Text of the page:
What’s new, missing, or different?

It happens to every writer. You start the rewrite of your latest draft, and you need to figure out what needs to be cut or changed. Sometimes it ain’t that easy, and sometimes you hack and slash with wild abandon.

Part of my recent focus has been rewriting the fantasy-comedy spec, which has involved a little bit of both.

It already needed some trimming – at least 5-10 pages’ worth, so that’s just one of the many things taken into consideration as I work my way through it.

I’ve been told my writing is pretty sparse to begin with, so finding material to tighten, let alone cut, has been somewhat tough.

Tough, but not impossible.

There’s the small stuff. A widow/orphan word here, a snippet of dialogue there. Finding some way to get those three action lines down to two, or one if you can swing it.

Then there’s the big stuff. One noteworthy item was a particular story detail that had been around almost since the story’s inception that wasn’t syncing as well with the story as it was now, so that had to be changed. This caused a domino effect on all the things it impacted, which meant making sure all those connections had to be adjusted so everything still meshed in a smooth and organized manner. It was a bit of a pain to deal with, but it had to be done.

The big stuff also has its fair share of little stuff. A scene or sequence that needs a major overhaul – already dealt with a few of those, as well as a few half-page scenes that I hated to cut. Then there was a character I initially loved that proved to be ultimately unnecessary, so out they went.

If I maintain this amount of cutting, there’s no reason the finished draft couldn’t fall within the target range of the aforementioned 5-10 pages. If it ends being more than that, great (but at this point seems highly unlikely). If it’s just a few pages shorter, that’s still okay, and I’ve no doubt my beta readers will have plenty of suggestions that I probably never even considered.

No matter what gets cut or changed, it’s all for the benefit of the story. As long as the script is a tight, succinct and solid read, that’s a win.

(Turns out I’ve written about this before, waaaay back in 2013. A lot of it is still applicable, except for the part about my time in the half-marathon. Those days are long past.)

Friendly reminder: my book Go Ahead And Ask! Interviews About Screenwriting (And Pie) Volume 3 officially comes out on October 7th (two weeks from today), and the final setup of the links on Amazon and Smashwords is just about done, in case you’d like to purchase it slightly ahead of schedule. Signed copies will be available. Just let me know.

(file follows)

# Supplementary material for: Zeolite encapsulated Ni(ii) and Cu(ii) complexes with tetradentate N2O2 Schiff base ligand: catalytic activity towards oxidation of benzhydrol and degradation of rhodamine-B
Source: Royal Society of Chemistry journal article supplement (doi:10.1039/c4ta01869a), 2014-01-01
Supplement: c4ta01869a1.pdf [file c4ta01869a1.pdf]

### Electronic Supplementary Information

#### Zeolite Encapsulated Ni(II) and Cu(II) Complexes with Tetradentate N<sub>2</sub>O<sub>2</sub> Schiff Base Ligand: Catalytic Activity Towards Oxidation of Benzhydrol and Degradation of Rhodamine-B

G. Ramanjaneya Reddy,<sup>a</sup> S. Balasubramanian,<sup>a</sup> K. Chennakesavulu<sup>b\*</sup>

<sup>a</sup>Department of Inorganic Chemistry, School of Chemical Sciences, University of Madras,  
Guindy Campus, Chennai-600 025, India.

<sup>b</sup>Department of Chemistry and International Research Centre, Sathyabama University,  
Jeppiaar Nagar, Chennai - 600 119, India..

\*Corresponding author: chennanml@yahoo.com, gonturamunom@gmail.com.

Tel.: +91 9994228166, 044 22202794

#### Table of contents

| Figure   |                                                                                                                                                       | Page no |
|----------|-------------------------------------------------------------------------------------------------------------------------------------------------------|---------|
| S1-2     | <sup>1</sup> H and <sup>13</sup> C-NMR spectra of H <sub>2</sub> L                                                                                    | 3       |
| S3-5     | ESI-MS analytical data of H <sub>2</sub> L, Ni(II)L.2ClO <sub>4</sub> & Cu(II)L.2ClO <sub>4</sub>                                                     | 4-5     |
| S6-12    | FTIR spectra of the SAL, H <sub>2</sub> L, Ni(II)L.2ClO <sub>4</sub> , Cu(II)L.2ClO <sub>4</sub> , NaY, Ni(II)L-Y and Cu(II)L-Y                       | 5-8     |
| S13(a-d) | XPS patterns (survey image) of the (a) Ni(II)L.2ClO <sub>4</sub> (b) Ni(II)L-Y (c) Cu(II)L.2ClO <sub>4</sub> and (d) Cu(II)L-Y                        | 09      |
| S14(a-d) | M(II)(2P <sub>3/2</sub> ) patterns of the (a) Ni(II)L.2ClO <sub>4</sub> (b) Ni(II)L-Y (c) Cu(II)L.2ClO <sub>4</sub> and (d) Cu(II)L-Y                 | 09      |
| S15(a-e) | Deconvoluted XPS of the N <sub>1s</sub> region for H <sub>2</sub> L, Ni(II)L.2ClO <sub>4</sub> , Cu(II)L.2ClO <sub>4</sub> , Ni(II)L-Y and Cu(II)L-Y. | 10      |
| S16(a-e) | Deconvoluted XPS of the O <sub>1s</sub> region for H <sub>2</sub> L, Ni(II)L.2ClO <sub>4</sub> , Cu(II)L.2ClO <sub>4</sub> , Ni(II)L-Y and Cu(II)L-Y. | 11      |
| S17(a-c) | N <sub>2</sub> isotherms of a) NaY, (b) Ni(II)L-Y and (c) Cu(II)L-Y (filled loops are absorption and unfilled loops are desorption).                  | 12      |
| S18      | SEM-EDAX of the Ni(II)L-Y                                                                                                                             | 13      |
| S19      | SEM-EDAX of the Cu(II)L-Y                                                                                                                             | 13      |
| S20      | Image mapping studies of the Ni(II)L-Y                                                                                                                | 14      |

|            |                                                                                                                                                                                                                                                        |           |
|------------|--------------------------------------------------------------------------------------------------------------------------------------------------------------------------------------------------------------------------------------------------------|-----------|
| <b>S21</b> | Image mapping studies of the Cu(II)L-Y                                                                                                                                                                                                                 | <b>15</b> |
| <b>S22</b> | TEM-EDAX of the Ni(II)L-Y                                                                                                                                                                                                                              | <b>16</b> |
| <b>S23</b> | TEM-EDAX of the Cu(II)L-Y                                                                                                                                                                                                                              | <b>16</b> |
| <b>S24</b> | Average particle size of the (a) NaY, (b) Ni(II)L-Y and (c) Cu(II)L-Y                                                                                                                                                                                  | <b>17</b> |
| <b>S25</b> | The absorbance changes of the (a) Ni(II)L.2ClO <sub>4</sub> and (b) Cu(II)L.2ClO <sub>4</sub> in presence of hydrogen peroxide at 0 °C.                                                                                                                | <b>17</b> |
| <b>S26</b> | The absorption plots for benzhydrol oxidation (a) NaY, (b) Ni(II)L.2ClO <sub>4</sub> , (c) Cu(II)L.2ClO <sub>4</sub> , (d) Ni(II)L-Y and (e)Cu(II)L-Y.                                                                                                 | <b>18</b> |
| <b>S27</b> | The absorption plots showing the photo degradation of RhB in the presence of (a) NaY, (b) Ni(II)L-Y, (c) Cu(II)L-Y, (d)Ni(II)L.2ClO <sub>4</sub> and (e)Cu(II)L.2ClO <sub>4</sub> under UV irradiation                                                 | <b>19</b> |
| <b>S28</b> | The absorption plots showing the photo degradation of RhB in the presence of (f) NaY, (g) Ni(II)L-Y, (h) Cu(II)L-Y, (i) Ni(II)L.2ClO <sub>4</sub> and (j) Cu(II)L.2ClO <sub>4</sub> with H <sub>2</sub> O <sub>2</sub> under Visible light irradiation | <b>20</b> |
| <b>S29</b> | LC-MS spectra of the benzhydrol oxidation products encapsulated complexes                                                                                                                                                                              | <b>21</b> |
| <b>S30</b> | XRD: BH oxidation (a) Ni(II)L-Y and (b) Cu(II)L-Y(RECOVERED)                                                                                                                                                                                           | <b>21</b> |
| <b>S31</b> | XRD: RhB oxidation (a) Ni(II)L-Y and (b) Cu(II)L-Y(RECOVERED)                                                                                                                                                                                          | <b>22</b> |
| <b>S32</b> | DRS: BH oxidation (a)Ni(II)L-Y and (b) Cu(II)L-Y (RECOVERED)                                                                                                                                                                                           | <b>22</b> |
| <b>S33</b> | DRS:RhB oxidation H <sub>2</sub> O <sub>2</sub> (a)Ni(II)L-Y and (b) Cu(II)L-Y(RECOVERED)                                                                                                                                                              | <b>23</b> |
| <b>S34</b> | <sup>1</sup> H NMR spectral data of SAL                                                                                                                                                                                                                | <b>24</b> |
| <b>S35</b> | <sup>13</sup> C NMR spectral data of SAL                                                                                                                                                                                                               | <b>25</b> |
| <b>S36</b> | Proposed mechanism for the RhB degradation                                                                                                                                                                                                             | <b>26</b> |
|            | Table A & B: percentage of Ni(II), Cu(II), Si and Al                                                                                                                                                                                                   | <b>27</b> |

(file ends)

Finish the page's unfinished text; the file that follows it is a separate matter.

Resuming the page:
Thank you for the positive reinforcement

Got some notes back on the animated fantasy-comedy spec.

I’ll be the first to say it still needs work on a few fronts, but the overall consensus is “I really enjoyed it”, which means a lot. On several levels.

Added bonus: they liked the jokes. Always great.

Despite all this, for as long as I’ve been at this, I still feel a twinge of anxiety as I open the email to see what the reader thought.

Impostor Syndrome? Possibly.

I know I can do the work, but there’s always that hidden fear that somebody’s going to say “wow, does this suck”. I suppose it stems from that initial sense of just hoping the reader likes it.

While it’s great to get notes of a positive nature, I tend to focus more on the sections that deal with what didn’t work or needs work. Every writer wants their script to be the best it can be, and notes of a critical nature can be invaluable in helping you get there.

And a lot of the time I find myself agreeing with what the notes have to say. Sometimes they even help me navigate my way out of a problem I already knew was there, but was having trouble finding a solution. Those are fantastic to get.

Even as I wait to hear from a few more readers, I’ve already started jotting down ideas to incorporate the strongest suggestions from this batch into the next draft.

Which I will then send out, once again thinking “I hope they like it.”

-Just a friendly reminder that my two books – GO AHEAD AND ASK! INTERVIEWS ABOUT SCREENWRITING (AND PIE) VOL 1 & 2 are available on Amazon and Smashwords.

The heart of the matter

The past few weeks, part of my writing schedule has involved revising the outline of my animated fantasy-comedy spec. It’s been fun to develop – having a previous draft to work with really helps. The action sequences, the story, the jokes and sight gags haven’t been too difficult, but I’ve been making more of an effort to build up the emotional aspect.

This isn’t to say I’ve never included that. It just hasn’t been as prevalent in the early stages of planning and plotting process.

It’s not enough to just show the stuff that’s happening, you need to show how it’s relevant to the characters. While the plot is about the external goal (what do they want?), there’s also the importance of establishing their internal goal (what do they need?).

Sometimes the internal and external goals work together, and sometimes a character will achieve one and not the other. There’s also the tried and true “they got what they wanted, but it wasn’t what they needed” (and vice versa). It all depends on how the writer wants to the story to go.

To help myself get a better grasp of this, I’ve been reading the scripts for and watching other animated films to see how they approach it. There has also been the occasional “read a few pages of the script, then watch how it plays out onscreen”.

*helpful tip – for prime examples of incorporating emotion into story, you can’t go wrong with well-made animated films. They do a fantastic job of setting everything up as fast and efficiently as possible. Sometimes singing is involved. And as it should be with live-action, each scene manages to include advancing the characters’ emotional arc as well as the story arc.